Yes, It's a Bargain For the Future
Should We Pay $219 Billion for This Plane?
The Pentagon's decision to award $2.2 billion to Lockheed Martin and Boeing to design and build demonstration models of the Joint Strike Fighter (JSF) has revived the debate over whether the armed services need and can afford a new generation of fighter aircraft.
Opponents argue the Air Force, Navy, and Marine Corps have sufficient tactical aircraft in their inventory to deal with existing threats. And, given the size of projected defense budgets, the Pentagon cannot afford a new $200 billion program. Moreover, the projected unit cost of about $50 million is totally unrealistic.
While all these arguments have some validity, they are essentially incorrect.
It is certainly true that the US currently has the best fighter aircraft in the world and no other nation can hope to compete with us in the foreseeable future. However, our tactical air force is growing old. The average age of our fighters will grow from eight years in 1990 to about 15 in the year 2000. By the time the JSF moves into production, the average age of existing US tactical aircraft will be about 20 years. It makes good economic and strategic sense to replace planes like the F-16, the F/A-18, the A-6, and the AV-8, which were developed in the 1960s and 1970s, with a multirole aircraft having more advanced electronics and more stealth characteristics, particularly if the new plane is reasonably priced. The unit cost of the JSF is essentially the same as the F-16s and much less than the newest model F/A-18s.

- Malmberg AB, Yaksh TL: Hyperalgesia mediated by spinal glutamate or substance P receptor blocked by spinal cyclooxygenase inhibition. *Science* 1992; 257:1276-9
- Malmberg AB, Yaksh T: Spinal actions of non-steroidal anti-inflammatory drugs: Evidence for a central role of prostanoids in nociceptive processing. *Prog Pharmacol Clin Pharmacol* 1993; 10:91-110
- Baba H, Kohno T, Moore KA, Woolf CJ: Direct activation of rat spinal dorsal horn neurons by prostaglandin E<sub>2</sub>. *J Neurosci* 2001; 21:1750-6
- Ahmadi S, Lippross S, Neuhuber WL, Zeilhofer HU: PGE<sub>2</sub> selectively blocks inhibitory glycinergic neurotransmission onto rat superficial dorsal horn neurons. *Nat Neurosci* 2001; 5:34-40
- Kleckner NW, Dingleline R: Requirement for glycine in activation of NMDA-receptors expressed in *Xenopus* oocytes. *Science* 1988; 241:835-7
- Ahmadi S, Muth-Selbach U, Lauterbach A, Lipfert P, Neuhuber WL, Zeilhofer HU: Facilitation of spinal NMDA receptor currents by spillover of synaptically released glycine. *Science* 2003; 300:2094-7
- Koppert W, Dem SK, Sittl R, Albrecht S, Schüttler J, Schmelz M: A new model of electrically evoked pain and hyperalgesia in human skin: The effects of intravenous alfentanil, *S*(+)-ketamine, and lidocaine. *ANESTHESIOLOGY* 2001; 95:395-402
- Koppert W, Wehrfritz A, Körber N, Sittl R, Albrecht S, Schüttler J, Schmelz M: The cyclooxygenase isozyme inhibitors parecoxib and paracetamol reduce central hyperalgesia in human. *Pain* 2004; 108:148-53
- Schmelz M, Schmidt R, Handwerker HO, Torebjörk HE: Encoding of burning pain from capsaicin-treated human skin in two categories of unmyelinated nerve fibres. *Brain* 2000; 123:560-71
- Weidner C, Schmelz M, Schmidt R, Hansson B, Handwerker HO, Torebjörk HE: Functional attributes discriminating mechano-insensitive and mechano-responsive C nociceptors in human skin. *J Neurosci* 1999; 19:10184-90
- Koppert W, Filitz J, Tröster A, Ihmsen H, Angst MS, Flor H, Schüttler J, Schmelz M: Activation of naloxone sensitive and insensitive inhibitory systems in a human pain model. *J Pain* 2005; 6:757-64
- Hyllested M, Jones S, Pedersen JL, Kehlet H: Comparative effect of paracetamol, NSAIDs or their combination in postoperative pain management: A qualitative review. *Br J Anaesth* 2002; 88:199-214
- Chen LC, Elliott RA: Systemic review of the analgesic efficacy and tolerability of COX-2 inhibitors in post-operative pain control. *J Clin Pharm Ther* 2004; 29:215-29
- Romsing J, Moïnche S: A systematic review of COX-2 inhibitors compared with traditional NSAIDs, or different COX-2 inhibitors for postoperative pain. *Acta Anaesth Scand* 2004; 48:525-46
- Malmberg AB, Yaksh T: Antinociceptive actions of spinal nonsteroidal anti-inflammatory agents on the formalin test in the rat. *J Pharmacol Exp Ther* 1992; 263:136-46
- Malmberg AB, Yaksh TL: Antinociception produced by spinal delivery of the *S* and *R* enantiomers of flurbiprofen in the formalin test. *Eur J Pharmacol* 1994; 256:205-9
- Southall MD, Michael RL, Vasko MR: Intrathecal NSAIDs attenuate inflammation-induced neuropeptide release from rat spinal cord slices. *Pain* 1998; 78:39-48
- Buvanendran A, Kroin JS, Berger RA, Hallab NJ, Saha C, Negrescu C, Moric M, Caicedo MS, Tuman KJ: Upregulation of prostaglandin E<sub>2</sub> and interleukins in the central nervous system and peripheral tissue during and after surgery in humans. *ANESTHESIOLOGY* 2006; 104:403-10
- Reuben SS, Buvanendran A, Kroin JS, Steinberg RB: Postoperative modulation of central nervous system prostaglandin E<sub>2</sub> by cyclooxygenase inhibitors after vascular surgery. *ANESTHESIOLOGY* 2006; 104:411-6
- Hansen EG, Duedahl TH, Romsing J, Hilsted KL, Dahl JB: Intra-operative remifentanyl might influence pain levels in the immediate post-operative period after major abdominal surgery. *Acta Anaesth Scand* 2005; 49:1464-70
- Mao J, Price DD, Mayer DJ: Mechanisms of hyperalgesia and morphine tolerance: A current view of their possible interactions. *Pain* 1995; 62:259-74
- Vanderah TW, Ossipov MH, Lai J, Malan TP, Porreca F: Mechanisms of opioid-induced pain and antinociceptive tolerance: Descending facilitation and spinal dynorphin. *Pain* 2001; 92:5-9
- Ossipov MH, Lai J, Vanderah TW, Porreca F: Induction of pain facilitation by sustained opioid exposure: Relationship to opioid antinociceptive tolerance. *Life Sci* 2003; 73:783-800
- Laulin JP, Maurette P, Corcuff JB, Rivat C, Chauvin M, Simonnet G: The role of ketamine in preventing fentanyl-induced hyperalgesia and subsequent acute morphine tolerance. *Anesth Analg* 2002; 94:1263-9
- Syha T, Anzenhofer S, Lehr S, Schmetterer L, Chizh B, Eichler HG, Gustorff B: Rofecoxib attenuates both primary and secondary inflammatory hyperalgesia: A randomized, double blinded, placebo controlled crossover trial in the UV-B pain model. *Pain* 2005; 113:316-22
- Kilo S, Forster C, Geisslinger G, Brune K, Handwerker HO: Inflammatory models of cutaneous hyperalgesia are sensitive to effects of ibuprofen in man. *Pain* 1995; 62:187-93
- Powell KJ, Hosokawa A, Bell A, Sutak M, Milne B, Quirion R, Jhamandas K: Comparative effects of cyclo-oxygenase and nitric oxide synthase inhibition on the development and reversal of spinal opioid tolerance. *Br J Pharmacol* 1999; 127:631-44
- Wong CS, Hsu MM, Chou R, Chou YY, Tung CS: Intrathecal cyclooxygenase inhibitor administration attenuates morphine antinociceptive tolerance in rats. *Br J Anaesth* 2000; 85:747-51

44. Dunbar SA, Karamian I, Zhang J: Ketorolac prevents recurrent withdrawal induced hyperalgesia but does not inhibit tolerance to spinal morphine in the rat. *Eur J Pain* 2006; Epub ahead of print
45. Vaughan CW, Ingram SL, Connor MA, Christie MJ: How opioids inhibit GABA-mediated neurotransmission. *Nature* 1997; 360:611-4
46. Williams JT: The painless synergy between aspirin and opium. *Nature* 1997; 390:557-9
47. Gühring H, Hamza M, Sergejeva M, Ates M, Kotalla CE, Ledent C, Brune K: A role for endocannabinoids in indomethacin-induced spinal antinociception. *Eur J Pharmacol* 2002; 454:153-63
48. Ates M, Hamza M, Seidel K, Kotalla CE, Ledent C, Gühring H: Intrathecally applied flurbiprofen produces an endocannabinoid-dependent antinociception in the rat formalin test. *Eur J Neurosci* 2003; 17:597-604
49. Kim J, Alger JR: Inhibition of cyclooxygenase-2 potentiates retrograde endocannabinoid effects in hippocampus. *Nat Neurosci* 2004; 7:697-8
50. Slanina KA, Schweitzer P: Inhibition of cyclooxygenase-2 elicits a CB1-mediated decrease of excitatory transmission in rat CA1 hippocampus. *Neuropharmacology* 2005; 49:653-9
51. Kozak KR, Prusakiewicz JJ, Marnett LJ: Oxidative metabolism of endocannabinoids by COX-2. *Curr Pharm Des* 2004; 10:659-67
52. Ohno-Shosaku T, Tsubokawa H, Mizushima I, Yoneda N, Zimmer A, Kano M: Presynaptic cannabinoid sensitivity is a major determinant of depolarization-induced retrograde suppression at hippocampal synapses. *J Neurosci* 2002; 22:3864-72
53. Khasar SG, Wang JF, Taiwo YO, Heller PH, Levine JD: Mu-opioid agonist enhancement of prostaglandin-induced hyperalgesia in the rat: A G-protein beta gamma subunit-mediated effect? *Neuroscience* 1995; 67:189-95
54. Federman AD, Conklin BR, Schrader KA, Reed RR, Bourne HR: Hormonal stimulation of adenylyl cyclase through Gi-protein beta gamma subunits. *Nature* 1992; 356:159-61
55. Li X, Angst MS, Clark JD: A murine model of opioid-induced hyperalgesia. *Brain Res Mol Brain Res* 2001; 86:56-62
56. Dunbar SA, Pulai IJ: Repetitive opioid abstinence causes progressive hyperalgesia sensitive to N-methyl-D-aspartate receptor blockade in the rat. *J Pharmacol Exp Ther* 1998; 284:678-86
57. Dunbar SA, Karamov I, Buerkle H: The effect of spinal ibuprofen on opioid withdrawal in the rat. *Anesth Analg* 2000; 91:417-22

Make savings elsewhere
There is no doubt the JSF will be costly, even if the Pentagon can hold down the price to $50 million per copy for 3,000 fighters. When the cost of other tactical aircraft programs is added, the military could spend $350 billion on new fighters over the next 30 years. Over the next five years alone, spending for tactical aircraft could exceed projected budget ceilings by $15 billion.
The answer to this budgetary situation is not to cancel the cost-effective JSF but to rethink the need for the F-22 and upgraded F/A-18 programs. The Air Force plans to buy 438 F-22 Air Superiority fighters at a total cost of $73 billion. The Navy wants to buy 1,000 upgraded F/A-18s for $90 billion.
None of these programs is as necessary or as cost-effective as the JSF. With the new fifth-generation Russian air superiority fighter postponed until at least 2020, the Chinese lacking the technical expertise to build one, and Iran, Iraq, and North Korea unable to afford an air superiority fighter, the Air Force could easily reduce the F-22 buy to 100, thus saving some $40 billion.